Level Cap

I sometimes listen to a gaming podcasts while driving. Recently I heard one  about MMORPG. They were saying that in Wildstar currently once you reach max level you really have to change your style of play. You need to find new things to do, because the leveling as game purpose is hard to replace.

I was wondering why modern role playing games do not handle things like it was done in the 80s. Old games like The Bards Tale didn’t even have a level cap or it was ridiculously high and therefore for all but the most dedicated players way out of reach. How so? It’s the old Wheat and Chessboard problem.

If you simply double the experience required for gaining a level, they will quickly get out of reach (unless of course you also increase the experience gained by killing monsters). In Bard’s Tale this had the effect that when you switched schools of magic and your spell caster’s experience was reset, just by letting him walk along with the rest of the party he would very quickly catch up in levels.

Why don’t they do this in modern RPG? I suppose the designers plan ahead for future expansions. But I don’t see why they couldn’t use such a system. In the old days you would just get a stat increase if you leveled beyond the normal scope of the game. New spells (and nowadays class abilities) would obviously only be available in the normal design space say on level 1 through 50. With an expansion the designers could add the abilities and spells for higher levels and some high level mobs that provide enough experience.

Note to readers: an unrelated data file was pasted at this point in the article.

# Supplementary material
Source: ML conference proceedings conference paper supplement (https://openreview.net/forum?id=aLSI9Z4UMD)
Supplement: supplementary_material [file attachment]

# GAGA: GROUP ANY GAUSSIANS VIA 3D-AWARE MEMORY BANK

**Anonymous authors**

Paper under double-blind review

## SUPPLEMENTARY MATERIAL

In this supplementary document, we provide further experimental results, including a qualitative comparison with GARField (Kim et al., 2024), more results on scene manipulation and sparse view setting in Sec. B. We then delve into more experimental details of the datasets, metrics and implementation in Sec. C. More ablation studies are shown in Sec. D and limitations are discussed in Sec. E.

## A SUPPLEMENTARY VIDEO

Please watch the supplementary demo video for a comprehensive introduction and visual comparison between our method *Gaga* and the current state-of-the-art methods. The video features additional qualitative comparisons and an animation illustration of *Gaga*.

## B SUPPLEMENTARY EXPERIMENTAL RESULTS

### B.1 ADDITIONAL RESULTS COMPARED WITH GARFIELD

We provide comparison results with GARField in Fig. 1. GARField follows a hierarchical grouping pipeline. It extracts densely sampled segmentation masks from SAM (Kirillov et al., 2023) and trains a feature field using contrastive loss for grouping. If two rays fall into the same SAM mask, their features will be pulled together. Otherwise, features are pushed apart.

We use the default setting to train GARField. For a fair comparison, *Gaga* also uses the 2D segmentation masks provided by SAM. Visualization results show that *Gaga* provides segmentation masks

The other issue with that is that players who spend a lot of time with the game gain a high advantage over those who don’t. But that is a general problem of any MMO anyway. Somehow the “end game content” leads to better items and such. But if on the other hands there would be no more increase in power, players would quickly lose interest in the game once they had reached the end content (like in an offline single player RPG once it is completed), so that’s it.